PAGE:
It is my democratic right to give opinion: Maryam Nawaz
02 November, 2017
KARACHI: Pakistan Muslim League-N leader Maryam Nawaz said on Wednesday that issuing policy statements was the prerogative of the party leadership but it was her democratic right to give her opinion.
In an interview with a private TV channel, the daughter of ousted prime minister Nawaz Sharif said that contrary to media reports that she and her cousin Hamza Shahbaz had been stopped from making policy statements of the party “she has not been conveyed” any such thing.
But she hastily added that issuance of any policy statement was the sole prerogative of the party leadership — Nawaz Sharif and Punjab Chief Minister Shahbaz Sharif. “However, the PML-N is a democratic party and everyone in the party, including myself, has the right to give their opinion.”
Known for her aggressive style of politics that often puts the PML-N in a tight spot, Ms Sharif said that former president Asif Zardari was being used to “damage” her father.
Rejecting allegations that another NRO — the notorious deal made between former military dictator Gen Pervez Musharraf and slain PPP chairperson Benazir Bhutto — was in the making, she asked her opponents to tell who was the second party or who had the power to grant the NRO. Her father did not need any NRO, she insisted.
In an apparent reference to Mr Zardari, she said those opponents who were happily “used” to dislodge Nawaz Sharif should understand that he was after all acceptable in a way but “some people have no acceptance at all”.
She said that her father’s opponents should think what their fate would be when the powers that be got done with Nawaz Sharif.
She said that she believed that her father should not have made compromises because his compromises were taken as his weakness.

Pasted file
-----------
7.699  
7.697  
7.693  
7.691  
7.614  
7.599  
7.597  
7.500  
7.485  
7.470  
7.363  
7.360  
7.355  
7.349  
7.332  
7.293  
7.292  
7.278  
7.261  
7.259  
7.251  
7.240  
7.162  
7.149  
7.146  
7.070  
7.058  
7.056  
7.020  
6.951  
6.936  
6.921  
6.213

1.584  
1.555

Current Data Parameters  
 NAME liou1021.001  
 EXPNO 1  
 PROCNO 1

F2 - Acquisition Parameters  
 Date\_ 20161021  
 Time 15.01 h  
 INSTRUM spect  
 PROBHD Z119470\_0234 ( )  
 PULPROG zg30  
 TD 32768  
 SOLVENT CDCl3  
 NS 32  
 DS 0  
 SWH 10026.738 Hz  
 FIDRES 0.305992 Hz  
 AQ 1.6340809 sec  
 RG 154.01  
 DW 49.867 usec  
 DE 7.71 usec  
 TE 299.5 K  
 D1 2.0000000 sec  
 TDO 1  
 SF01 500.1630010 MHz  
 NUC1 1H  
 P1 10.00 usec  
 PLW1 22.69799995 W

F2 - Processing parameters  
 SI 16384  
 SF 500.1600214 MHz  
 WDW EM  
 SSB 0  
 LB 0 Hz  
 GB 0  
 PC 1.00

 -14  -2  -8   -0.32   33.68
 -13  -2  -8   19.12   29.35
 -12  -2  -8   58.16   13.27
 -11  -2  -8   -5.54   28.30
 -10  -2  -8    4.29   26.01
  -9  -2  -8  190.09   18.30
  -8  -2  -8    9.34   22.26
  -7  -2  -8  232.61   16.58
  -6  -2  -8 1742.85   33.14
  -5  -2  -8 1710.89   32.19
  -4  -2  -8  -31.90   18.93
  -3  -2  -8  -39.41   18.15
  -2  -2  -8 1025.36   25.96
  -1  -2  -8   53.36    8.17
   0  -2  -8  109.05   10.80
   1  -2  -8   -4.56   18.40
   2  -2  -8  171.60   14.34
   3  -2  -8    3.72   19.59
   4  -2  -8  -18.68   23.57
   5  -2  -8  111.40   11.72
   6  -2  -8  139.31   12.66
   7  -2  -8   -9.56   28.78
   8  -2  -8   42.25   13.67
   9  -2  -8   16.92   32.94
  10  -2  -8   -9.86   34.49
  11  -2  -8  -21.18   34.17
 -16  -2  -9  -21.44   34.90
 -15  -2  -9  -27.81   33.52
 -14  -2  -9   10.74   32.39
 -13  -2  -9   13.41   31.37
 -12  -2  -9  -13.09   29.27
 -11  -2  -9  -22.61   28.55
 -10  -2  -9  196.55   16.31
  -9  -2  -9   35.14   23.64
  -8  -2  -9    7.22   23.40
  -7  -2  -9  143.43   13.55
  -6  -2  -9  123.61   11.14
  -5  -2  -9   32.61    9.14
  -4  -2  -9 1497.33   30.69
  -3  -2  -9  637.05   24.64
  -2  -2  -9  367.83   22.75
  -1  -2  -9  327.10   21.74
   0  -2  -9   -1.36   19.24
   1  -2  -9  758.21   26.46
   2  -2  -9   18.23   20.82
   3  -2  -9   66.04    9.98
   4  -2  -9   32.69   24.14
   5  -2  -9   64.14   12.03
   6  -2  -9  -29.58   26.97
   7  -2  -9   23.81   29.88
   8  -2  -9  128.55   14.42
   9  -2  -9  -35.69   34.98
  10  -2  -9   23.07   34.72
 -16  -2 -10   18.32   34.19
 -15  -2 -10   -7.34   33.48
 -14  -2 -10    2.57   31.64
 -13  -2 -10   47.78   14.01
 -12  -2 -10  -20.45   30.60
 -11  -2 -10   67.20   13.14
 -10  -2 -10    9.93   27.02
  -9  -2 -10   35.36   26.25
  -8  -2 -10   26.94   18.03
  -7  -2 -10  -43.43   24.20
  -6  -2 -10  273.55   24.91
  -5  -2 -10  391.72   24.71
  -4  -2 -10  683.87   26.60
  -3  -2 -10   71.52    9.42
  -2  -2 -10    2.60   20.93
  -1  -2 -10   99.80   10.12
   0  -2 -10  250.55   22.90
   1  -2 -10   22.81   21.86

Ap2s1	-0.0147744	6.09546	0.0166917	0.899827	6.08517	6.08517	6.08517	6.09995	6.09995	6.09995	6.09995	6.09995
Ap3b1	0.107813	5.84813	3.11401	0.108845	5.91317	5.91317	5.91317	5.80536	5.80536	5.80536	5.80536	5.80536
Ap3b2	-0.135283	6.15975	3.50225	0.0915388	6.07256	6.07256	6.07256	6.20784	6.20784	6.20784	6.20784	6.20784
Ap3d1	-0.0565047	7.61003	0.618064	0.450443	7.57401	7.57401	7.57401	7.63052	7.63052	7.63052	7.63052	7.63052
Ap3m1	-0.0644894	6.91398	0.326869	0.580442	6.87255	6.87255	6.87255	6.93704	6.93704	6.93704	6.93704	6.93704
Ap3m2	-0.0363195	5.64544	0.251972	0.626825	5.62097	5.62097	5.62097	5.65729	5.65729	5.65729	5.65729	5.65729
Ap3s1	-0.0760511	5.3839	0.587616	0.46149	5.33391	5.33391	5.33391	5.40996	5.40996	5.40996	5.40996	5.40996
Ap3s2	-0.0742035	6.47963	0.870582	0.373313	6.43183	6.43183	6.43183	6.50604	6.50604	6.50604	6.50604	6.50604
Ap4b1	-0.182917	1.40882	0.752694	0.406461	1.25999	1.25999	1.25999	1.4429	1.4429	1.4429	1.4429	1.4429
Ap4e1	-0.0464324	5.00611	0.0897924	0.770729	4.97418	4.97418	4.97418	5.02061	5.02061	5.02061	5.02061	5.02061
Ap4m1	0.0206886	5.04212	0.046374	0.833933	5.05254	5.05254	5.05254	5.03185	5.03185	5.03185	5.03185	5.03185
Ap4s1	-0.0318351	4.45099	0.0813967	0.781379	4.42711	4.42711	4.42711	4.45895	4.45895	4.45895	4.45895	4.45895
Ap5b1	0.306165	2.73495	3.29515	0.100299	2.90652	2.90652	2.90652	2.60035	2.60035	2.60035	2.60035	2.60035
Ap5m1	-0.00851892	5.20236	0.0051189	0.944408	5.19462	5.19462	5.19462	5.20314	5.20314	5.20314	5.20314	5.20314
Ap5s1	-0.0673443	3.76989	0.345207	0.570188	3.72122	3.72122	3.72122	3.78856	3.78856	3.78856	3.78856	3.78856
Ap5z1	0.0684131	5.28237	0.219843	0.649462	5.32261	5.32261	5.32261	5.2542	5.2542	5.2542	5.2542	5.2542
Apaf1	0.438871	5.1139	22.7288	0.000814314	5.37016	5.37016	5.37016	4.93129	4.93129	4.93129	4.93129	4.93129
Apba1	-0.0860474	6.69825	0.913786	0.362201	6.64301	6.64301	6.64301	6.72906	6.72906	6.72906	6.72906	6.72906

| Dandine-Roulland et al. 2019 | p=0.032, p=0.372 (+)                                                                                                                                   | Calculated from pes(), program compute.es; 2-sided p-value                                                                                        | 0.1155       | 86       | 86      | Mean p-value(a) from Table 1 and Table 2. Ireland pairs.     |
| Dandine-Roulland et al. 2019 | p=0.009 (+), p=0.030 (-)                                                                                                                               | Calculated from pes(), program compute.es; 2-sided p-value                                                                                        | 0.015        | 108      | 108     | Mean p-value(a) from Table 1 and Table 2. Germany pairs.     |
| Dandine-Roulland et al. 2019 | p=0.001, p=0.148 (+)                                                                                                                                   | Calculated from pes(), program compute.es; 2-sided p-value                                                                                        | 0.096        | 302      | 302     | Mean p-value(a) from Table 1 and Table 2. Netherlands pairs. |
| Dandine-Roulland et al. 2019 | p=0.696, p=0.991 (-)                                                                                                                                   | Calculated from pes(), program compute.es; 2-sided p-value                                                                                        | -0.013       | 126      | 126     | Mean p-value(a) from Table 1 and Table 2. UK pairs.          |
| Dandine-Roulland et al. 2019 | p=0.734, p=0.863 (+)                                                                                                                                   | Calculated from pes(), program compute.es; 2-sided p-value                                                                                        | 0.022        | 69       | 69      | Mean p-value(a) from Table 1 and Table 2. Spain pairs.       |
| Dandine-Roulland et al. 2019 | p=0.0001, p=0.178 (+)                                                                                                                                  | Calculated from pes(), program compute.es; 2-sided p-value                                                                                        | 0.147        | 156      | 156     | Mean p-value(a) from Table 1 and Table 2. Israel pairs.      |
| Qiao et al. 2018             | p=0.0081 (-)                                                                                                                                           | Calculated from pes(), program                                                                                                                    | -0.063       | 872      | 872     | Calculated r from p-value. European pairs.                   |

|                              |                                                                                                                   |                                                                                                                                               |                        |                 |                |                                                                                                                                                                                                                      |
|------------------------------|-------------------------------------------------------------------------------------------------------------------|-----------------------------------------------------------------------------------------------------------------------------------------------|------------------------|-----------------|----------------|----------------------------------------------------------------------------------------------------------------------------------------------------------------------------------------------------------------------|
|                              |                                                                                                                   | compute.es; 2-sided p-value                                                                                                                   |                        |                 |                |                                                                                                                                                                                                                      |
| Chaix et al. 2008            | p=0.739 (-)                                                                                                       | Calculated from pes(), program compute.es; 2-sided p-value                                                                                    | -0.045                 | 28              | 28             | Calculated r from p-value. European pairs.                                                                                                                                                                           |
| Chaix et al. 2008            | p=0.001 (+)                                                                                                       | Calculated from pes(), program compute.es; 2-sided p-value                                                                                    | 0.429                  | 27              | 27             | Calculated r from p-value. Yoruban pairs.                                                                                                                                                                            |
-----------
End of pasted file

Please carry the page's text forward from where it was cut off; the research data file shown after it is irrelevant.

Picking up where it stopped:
Ms Sharif said that she still stood by her tweet in which she had said that her father should not become part of “political & personal victimisation in the garb of accountability”. “It was my own opinion. It would be foolish to expect justice.”
She, however, maintained that Mr Sharif’s lawyer had presented strong evidence before the Supreme Court hearing the Panama Papers case and then before the joint investigation team.
She said that if there was any truth in petitioners’ allegations or had Mr Sharif’s lawyers presented a weak case, then the former prime minister would not have been disqualified for possessing an Iqama, residence permit of Gulf states.
Asked to comment on an incendiary speech made by her husband in the National Assembly, Ms Sharif said that it was his personal opinion and she, or the PML-N, did not subscribe to his views.
When reminded of former interior minister Chaudhry Nisar Ali Khan’s stance that the judiciary should not be criticised, she asked whether justice was linked with non-criticism of judicial decisions. “It is our right to ask questions. Those who term our questions contempt of court should think.”
Ms Sharif said that she had never crossed the “party seniority list” and that she had no problems with her “uncles” in the PML-N.
She said that she had never held any public office but was targeted ever since she started handling the media during [Pakistan Tehreek-i-Insaf’s] Islamabad sit-ins.